High-end fitness chain Life Time will open in downtown’s GreenStreet next year, filling a large vacancy in the once-troubled mixed-use complex and providing another sign that downtown is coming into its own as a residential neighborhood.
The new facility, which the company describes as an “athletic lifestyle resort,” will occupy the two-story space once filled by Books-A-Million, which shuttered its downtown store in 2012. In addition to the health club, Minneapolis-based Life Time will also bring its coworking concept to GreenStreet.
The coworking space, known as Life Time Work, will occupy 38,000 square feet in an 11-story office building at GreenStreet. The fitness space will fill 56,000 square feet, primarily in the two-story building at the southeast corner Main and Polk. In total, the company will occupy 94,000 square feet in the downtown development when it opens in 2020. Life Time declined to provide financial details or lease terms.
“It’s huge for our central business district to have something like that endorsing it,” said Bradley Freels, chairman of Midway, which owns the property with Lionstone Investments. “And I think it’s great for GreenStreet. Our vision is to make it a lifestyle, and this is a big part of it.”
The owners of GreenStreet, which spans four blocks Dallas and Polk between Main and Caroline streets, have been on a quest to rebrand the downtown complex and turn it into a destination, similar to what Midway did with CityCentre in west Houston.
In recent years, the companies have upgraded the aesthetics, adding stone pavers, wood accents and greenery. They’ve added new restaurants and pop-up retailers and built a 223-room luxury hotel called Alessandra.
Midway also converted more than 130,000 square feet of retail space to office space, most of which is spoken for. Tenants include coworking operator Spaces, startup accelerator MassChallenge and Spencer Ogden, a recruiter for the energy industry.
GreenStreet’s retail tenants include House of Blues, Lucky Strike and a bevy of restaurants and cafes.
While most of the retail space is spoken for, the property’s largest office tenant, NRG Energy, recently moved out of the office tower as it consolidated employees into One Shell Plaza. Midway is now marketing 195,000 square feet in the tower.
The developer is using the transition time to renovate the office building, renovating the lobby and making other improvements that will allow it to better suit multiple tenants.
Annual asking rents for downtown office space range between $31.35 to $44.65 a square foot, depending on the age and quality of the building.
The GreenStreet property dates to 2007 when it broke ground and was called Houston Pavilions. The developer had built a similar project in Denver and was hoping to replicate its success in downtown Houston.
The then-568,000-square-foot property was built for an estimated $180 million, supported in part by city funds. But after suffering a series of setbacks, from Hurricane Ike to the national recession, it never reached the potential its developer envisioned for it. The developer defaulted on a construction loan and a judge appointed a receiver to take over operations at the property in 2011.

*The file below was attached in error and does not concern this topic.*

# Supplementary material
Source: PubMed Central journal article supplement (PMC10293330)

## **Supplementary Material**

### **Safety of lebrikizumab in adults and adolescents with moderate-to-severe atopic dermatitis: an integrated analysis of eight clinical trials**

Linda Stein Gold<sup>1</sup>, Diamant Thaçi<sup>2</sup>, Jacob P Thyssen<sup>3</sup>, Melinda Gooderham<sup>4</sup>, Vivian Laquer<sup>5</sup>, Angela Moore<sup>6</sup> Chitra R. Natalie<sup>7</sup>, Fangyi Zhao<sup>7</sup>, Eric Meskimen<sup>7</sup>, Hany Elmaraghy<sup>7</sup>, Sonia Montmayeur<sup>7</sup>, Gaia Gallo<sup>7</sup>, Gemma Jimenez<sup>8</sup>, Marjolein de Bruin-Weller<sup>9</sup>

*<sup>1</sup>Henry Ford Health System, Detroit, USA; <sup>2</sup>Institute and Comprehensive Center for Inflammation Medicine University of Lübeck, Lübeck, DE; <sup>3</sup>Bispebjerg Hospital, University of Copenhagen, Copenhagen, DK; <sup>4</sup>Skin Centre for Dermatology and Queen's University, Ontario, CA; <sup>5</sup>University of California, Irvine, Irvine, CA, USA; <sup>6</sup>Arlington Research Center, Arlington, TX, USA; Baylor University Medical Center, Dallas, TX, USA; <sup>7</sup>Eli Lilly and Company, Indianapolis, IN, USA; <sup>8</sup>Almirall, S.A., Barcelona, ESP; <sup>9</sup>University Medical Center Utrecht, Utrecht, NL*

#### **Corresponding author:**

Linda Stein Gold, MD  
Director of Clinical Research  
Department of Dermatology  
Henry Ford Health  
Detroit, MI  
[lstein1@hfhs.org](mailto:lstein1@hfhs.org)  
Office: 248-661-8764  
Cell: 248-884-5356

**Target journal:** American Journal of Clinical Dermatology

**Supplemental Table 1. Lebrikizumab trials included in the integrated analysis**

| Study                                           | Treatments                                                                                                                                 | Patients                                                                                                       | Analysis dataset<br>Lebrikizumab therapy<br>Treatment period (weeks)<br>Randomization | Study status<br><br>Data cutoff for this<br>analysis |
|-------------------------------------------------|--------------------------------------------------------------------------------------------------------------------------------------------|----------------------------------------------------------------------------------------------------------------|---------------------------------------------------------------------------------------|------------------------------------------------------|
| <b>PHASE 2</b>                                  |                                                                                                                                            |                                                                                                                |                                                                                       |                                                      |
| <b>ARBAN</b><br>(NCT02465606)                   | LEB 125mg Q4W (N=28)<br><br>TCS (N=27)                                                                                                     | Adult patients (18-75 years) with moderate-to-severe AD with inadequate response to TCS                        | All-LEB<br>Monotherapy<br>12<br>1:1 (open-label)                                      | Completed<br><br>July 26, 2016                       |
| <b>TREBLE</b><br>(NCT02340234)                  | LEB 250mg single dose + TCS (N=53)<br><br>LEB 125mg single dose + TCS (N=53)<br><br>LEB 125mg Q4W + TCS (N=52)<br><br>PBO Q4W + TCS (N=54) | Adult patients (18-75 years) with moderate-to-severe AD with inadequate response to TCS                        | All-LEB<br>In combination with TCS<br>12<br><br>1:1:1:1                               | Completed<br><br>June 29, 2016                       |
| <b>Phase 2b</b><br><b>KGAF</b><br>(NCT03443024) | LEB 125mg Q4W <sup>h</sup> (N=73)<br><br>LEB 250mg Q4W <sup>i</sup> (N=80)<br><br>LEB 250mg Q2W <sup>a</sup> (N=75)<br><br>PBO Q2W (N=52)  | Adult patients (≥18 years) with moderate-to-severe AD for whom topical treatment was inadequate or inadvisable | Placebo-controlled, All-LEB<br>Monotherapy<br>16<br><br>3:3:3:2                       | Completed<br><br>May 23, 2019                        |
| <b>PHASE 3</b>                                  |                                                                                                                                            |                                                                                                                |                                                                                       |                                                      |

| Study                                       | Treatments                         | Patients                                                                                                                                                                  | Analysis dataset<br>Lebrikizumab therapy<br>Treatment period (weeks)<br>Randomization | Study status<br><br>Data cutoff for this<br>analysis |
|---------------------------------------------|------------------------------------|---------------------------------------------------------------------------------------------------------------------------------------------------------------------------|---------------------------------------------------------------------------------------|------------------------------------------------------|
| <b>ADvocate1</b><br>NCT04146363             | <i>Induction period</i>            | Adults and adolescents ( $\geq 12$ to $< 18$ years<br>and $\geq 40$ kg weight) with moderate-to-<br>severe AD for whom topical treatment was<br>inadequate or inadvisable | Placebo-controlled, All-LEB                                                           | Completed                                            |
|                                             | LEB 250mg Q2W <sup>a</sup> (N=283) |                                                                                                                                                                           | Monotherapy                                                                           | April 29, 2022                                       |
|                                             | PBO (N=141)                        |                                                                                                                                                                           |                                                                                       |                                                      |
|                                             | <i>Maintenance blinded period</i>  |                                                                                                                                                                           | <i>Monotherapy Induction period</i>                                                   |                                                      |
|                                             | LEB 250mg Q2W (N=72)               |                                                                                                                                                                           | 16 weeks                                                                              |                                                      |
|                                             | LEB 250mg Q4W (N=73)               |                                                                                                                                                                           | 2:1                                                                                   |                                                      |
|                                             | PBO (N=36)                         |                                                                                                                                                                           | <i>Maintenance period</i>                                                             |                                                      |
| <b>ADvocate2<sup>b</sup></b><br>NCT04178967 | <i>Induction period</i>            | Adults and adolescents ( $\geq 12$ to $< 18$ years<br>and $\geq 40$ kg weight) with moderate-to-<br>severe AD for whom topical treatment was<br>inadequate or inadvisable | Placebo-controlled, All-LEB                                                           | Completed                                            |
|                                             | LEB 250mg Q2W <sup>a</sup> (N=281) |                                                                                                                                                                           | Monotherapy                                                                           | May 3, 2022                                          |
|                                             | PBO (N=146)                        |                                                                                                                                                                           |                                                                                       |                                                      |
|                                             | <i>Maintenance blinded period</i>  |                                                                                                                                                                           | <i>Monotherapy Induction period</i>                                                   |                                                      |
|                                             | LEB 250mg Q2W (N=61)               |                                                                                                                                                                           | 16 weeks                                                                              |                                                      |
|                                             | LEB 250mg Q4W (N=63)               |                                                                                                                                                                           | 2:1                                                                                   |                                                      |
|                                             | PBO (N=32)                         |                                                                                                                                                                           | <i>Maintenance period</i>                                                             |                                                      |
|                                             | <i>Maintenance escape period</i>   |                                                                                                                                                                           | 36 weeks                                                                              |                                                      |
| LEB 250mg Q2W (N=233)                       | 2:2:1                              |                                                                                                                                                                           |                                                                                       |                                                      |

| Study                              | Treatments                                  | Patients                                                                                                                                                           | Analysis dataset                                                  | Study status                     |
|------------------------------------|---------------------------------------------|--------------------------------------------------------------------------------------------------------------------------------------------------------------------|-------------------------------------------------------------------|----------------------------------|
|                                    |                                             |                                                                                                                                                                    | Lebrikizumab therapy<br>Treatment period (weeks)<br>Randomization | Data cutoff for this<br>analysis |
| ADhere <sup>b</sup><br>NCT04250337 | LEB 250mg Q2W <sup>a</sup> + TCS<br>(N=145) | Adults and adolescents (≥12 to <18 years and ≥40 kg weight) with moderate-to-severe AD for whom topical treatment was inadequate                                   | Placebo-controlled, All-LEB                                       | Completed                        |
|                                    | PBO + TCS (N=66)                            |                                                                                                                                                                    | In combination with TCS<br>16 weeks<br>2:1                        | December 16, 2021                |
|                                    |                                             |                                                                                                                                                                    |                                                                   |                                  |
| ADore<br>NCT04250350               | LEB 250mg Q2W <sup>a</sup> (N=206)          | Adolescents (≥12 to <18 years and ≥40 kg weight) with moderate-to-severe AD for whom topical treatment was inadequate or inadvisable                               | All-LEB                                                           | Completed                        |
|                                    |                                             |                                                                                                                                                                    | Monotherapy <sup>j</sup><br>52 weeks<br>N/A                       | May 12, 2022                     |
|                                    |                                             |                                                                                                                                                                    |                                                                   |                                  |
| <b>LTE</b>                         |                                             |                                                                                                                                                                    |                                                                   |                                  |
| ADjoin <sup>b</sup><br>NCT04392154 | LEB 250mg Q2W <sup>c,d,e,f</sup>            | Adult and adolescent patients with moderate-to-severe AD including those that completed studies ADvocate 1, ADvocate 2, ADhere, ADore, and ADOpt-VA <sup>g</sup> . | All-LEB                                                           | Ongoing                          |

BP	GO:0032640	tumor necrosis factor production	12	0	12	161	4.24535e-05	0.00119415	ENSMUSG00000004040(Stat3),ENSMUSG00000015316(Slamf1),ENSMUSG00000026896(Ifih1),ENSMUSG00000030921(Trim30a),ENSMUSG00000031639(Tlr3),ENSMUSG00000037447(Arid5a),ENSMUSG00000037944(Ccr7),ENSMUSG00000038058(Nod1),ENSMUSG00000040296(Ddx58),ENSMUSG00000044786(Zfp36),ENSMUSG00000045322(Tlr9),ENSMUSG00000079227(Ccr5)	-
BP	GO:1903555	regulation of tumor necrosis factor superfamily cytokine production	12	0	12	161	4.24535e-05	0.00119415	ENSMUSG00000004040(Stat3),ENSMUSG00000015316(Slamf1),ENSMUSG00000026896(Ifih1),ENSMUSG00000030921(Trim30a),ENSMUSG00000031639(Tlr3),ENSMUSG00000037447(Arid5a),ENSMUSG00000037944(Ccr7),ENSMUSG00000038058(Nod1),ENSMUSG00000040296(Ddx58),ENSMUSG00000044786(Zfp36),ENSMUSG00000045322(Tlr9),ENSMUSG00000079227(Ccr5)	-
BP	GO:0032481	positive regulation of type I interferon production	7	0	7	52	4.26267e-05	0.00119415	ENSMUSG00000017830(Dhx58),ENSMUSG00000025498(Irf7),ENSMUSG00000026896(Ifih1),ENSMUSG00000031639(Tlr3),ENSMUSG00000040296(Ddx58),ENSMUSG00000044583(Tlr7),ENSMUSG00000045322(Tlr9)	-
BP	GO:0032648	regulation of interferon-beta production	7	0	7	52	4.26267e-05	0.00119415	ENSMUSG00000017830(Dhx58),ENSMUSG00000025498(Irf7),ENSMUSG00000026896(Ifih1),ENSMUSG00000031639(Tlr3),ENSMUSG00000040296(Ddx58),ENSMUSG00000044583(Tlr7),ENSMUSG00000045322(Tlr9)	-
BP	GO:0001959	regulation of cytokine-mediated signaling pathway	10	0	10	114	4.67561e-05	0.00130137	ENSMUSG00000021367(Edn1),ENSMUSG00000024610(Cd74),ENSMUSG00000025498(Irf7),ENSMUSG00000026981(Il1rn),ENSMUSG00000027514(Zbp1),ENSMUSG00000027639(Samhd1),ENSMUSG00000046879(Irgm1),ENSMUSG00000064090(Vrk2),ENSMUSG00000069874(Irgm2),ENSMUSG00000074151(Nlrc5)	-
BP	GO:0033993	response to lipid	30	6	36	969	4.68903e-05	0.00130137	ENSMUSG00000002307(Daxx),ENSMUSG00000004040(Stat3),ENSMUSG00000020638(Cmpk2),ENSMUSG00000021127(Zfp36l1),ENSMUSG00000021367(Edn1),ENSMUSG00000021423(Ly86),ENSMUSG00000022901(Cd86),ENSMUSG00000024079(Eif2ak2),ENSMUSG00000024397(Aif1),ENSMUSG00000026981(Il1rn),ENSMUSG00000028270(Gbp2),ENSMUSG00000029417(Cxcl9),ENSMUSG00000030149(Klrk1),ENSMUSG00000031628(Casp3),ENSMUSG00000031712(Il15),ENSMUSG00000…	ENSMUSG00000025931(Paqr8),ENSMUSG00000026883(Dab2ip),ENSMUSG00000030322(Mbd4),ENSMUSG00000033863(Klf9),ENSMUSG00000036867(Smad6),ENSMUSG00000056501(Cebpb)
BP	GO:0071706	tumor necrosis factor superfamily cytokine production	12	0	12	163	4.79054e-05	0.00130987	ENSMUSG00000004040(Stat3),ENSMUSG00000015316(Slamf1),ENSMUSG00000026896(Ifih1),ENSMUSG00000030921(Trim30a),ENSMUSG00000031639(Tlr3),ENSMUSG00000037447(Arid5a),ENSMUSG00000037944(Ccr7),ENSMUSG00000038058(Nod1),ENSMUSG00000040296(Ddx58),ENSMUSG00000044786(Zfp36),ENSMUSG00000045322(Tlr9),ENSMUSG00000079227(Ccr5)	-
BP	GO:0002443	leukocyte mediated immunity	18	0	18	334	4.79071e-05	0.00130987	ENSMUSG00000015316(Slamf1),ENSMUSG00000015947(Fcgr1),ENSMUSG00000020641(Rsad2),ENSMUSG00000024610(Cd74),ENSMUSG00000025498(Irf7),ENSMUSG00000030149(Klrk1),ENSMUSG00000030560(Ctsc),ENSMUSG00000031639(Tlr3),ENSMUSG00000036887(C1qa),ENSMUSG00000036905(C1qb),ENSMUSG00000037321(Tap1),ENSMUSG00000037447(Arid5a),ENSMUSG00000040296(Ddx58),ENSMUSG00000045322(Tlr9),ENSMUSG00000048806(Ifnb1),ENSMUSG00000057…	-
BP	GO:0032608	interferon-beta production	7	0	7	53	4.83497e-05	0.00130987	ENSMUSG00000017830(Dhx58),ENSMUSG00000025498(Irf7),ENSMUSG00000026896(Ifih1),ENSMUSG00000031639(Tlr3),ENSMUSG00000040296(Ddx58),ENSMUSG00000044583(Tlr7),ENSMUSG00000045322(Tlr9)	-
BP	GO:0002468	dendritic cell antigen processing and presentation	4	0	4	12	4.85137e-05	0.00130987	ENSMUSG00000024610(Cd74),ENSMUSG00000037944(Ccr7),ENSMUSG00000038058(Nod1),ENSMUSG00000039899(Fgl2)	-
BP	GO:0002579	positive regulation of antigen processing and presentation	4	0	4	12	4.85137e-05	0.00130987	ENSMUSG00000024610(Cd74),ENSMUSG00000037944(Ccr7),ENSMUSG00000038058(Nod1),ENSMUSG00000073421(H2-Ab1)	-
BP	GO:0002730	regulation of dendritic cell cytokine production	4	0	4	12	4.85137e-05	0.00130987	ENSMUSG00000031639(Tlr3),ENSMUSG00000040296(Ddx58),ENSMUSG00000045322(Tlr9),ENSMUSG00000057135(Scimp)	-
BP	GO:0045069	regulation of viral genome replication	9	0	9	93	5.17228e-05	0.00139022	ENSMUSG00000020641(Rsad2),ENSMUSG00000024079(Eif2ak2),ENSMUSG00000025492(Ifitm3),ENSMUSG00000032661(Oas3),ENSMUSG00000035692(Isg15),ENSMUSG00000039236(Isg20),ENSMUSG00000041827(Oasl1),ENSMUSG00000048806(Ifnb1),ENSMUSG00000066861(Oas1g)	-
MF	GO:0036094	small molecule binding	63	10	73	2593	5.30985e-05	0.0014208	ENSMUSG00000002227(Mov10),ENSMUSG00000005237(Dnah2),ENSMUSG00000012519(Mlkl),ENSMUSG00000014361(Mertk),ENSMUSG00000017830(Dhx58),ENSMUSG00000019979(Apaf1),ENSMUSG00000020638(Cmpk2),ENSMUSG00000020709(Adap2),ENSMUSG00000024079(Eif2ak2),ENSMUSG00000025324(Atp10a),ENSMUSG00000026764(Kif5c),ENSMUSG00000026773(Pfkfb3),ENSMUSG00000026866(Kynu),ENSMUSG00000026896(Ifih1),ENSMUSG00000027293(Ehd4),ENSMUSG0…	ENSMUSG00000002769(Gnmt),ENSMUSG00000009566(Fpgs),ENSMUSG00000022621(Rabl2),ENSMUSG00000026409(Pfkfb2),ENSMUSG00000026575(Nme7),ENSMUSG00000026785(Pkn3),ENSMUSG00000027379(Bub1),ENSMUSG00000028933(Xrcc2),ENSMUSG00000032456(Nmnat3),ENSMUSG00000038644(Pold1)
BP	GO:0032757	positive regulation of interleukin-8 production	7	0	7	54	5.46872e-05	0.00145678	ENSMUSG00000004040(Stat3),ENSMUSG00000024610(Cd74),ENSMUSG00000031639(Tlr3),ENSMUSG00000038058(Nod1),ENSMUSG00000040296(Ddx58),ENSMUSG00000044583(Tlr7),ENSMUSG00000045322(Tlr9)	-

The following year, Midway partnered with Los Angeles-based Canyon Johnson Urban Funds to buy the property for around $100, a source said at the time. In 2015, Houston-based Lionstone replaced Canyon Johnson in the partnership.
Midway and Lionstone have taken steps to cater to the small but growing downtown residential population of about 9,700, which pales in comparison to the roughly 157,000 people who work there.
Bob Eury, president of the Houston Downtown Management District, said the new owners of GreenStreet have been successful in repositioning the property focusing on hospitality, restaurants and services such as Life Time.
Others have been more cautious. Big-name retailers such as Target and Whole Foods have passed on the central business district, with Whole Foods opting to build a store in Midtown.
“We are always ever hopeful and we’ve worked it pretty hard,” Eury said. “With the majors they really look at heads in beds. What is not really picked up by the major retailers is our workforce and visitor population. Most of the analysis is on residential population.”
Life Time officials are optimistic about the prospects for growth.
“The development happening throughout downtown Houston over the past few years is exciting to see,” Parham Javaheri, the company’s executive vice president of real estate and development, said this week in an email. “The City, Central Houston and the Downtown District have focused on continued growth in the area and we saw a great opportunity to be a part of it.”
The company has been expanding its Houston presence for the past several years. It opened its first Houston club in 2004 and now has nine, two of which opened last year. One under construction in Greenway Plaza is scheduled to open later this year and another is planned in Shenandoah.
The company also has a club at Midway’s CityCentre near the southeast intersection of Beltway 8 and the Katy Freeway. In May, Life Time will open its first Texas coworking location there. The company leased 25,000 square feet in the CityCentre Five building.
Life Time aims to attract users in the 35-to-55 age range. Three levels of membership will range from $400 per month to work in an open plan without a dedicated desk to $620 per month for an enclosed office. Every membership will come with a membership to the health club.